Working in partnership with London TravelWatch

How accessible is British transport?

03 December 2021

Today is the International Day of Persons with Disabilities – an opportunity for all of us to stop and consider how we can make our environment more inclusive for disabled people.

According to the Department of Work and Pensions, disabled adults in England made almost a third fewer trips than non-disabled adults last year. Of course, last year was unique given the series of unprecedented lockdowns we all faced. The work we carried out this year shows that the pandemic has only added further challenges for disabled people. You can re-watch our accessibility webinar, featuring transport minister Chris Heaton-Harris, here.

Disabled drivers represent five per cent of the driving population, which is around two million people. Car travel remains the most popular form of transport among disabled adults and around a third of these journeys are made as a passenger.

Transport Focus looked at the experiences of disabled people on England’s motorways and major A-roads. We recommended to National Highways that it do more to help disabled road users understand what to do in a breakdown, improve clarity of road signs, review disabled facilities at services on its roads and publicise this information to help with journey planning.

We’re pleased to say that National Highways responded by reviewing and acting on our proposals – you can read more on this here.

We were also pleased to see National Highways partner with Driving Mobility UK. Now traffic officers will receive training on common types of vehicle adaptations and non-visible disabilities. This will really help to make disabled drivers feel safer and more comfortable on the roads.

Our weekly Travel during Covid-19 survey, running since May 2020, tracks behaviour and attitudes to safety among disabled and non-disabled travellers.

We still see that disabled people consistently rate higher in seeing Covid as a major concern, that they’re less likely to travel on public transport, and that they’re more likely to avoid travelling unless necessary, compared to non-disabled people.

But we also know that disabled people still face non-Covid-related physical barriers – and tell us they sometimes experience off-putting antisocial behaviour from other passengers too.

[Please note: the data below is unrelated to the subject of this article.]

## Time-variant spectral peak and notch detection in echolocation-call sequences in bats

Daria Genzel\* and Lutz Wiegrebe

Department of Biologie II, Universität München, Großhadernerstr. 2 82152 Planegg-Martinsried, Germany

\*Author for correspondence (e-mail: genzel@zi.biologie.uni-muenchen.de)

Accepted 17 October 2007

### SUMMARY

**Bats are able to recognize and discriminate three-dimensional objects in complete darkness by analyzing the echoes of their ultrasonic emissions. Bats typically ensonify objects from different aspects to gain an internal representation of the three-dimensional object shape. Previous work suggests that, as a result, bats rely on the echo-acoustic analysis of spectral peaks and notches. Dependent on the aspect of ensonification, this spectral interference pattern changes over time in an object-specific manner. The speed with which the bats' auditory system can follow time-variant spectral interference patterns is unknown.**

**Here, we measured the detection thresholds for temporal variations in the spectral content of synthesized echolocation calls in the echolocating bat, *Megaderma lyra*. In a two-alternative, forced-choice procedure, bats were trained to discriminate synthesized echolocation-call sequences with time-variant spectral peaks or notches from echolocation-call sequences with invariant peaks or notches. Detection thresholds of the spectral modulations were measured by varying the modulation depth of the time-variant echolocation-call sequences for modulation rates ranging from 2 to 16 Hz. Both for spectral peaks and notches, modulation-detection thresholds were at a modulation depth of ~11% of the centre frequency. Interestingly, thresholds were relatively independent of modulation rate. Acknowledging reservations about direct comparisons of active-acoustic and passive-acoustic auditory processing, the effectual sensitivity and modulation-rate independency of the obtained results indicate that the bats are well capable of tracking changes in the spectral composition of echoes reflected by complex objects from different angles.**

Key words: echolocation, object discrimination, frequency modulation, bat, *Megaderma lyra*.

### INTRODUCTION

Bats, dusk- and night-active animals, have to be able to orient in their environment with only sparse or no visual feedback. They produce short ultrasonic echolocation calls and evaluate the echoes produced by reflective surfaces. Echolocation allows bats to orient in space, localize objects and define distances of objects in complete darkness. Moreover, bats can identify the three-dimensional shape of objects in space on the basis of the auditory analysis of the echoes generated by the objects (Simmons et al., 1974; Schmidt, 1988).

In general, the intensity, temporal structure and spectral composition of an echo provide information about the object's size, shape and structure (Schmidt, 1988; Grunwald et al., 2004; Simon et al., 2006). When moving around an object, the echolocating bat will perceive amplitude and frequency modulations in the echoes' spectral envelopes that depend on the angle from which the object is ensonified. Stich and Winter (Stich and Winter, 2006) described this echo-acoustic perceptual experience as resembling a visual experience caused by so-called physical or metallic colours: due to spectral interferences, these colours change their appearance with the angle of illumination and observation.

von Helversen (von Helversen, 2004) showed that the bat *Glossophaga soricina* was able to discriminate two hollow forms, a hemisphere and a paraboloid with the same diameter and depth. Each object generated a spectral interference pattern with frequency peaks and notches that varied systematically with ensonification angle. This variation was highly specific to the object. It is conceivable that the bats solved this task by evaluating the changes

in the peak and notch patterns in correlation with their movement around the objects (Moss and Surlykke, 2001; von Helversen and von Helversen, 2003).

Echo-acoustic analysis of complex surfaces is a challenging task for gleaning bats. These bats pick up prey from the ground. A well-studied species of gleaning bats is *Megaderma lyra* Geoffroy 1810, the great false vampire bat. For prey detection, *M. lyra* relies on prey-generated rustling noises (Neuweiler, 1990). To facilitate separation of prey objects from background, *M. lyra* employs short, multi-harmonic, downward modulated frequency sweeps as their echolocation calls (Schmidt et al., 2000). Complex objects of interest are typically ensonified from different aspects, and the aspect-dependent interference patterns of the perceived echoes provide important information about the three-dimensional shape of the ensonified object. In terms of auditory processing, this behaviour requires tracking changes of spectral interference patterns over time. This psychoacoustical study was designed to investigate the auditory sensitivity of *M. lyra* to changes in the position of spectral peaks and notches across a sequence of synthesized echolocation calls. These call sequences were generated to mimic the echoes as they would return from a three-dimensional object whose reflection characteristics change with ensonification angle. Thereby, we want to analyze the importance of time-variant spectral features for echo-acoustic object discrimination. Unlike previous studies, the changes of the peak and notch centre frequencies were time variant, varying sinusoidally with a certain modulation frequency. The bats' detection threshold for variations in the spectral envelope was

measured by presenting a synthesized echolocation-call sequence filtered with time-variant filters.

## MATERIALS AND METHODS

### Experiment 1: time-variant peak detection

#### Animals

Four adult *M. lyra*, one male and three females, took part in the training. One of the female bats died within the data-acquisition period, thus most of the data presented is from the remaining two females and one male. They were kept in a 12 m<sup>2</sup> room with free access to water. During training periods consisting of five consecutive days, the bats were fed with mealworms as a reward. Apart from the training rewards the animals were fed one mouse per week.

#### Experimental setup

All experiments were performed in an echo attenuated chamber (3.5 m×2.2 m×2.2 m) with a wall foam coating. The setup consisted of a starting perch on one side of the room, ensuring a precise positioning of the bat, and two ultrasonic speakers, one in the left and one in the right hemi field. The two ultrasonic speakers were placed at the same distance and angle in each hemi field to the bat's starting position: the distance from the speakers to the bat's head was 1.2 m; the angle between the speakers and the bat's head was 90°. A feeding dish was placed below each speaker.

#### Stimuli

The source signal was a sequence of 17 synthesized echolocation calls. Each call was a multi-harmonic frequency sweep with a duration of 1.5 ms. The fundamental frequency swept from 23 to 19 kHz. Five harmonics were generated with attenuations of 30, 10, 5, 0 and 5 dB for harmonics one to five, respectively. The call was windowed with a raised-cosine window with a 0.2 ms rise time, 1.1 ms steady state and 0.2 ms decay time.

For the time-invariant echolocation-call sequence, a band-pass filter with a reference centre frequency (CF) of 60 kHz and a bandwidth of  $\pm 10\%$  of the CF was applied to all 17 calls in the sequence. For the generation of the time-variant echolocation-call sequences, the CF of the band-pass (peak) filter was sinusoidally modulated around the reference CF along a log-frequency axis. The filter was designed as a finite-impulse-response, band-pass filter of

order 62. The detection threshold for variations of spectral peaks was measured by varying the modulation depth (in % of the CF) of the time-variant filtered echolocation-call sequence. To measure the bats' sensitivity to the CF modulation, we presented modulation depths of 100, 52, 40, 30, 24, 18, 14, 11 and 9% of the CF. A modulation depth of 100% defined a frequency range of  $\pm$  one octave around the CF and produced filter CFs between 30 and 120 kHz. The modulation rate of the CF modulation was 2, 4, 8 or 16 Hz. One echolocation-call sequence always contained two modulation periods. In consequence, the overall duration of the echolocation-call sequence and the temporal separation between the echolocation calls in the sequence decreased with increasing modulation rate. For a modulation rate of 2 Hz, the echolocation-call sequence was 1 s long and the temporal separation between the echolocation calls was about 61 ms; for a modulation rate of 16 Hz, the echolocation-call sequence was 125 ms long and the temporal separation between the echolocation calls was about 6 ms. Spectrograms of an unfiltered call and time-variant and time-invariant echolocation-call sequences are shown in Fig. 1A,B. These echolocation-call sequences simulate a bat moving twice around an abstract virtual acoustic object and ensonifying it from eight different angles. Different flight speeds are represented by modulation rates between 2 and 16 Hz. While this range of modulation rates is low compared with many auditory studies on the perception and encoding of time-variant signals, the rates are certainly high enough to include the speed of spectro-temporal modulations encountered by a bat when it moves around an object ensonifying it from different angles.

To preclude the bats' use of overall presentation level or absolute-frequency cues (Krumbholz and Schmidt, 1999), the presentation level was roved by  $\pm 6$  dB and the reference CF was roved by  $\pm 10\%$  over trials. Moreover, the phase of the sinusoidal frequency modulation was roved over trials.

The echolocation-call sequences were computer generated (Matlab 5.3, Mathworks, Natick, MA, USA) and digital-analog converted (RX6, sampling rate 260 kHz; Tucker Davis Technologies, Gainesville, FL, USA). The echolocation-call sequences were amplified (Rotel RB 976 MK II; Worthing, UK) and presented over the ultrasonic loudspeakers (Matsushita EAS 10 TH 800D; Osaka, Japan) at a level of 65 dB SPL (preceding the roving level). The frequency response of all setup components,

Some progress is being made. Disabled rail passengers have seen gradual improvements in the accessibility of rail services over time

The advent of Great British Railways appears to have brought a renewed focus to addressing some of those problems. Work is already underway on an accessibility audit of rail stations. But making physical changes won’t be enough if the hearts and minds of staff (customer-facing and those behind the scenes) aren’t on board too. This isn’t just about schemes at improving accessibility. It’s about changing behaviour and awareness too.

Recently we came across a proposal to improve disruption information on trains. The information would be provided remotely in the form of a text-to-speech message to the train. But we couldn’t see how deaf or hearing-impaired passengers would receive the information.

We urged more consideration be given to addressing the needs of those who are unable to hear audio announcements. We hear there has now been a diversity impact assessment and further work to get the information onto visual displays at the same time.

We want transport providers to do more to let disabled passengers know what’s already in place. The new Accessible Travel Policies on rail will help, but it’s clear from speaking to passengers that they are often unaware of what assistance and travel tools are available to them.

We know that not every disabled passenger wants assistance or can book it, but we also know more passengers would benefit from knowing that it’s there if they need it. If public transport wants to attract disabled passengers back, the basics need to be much more front and centre than they have been. Tell passengers what to expect and make it easy for them to provide feedback.

So lots has been done and lots more to be done. Today, we must take a moment to consider the difficulties faced by disabled people, even in what should be straightforward activities.

You may notice that we have started providing Word versions of our reports alongside the accessible PDFs, to help those who need different font types, colours or sizes. We aim for Plain English in all of our communication, and where possible we provide explainer videos or other visual versions.

Our website and social media are regularly reviewed for accessibility. Where we have online or real life events, we provide subtitles or sign language (on request). We’re trying to live our values and make sure accessibility is genuinely part of everything we do, not just an added extra.

But, as we keep saying to transport providers, we can all do better. So if you want to feed back on our accessibility efforts – or anything else! – do leave a comment here or tweet me @anthonysmithTF.

 

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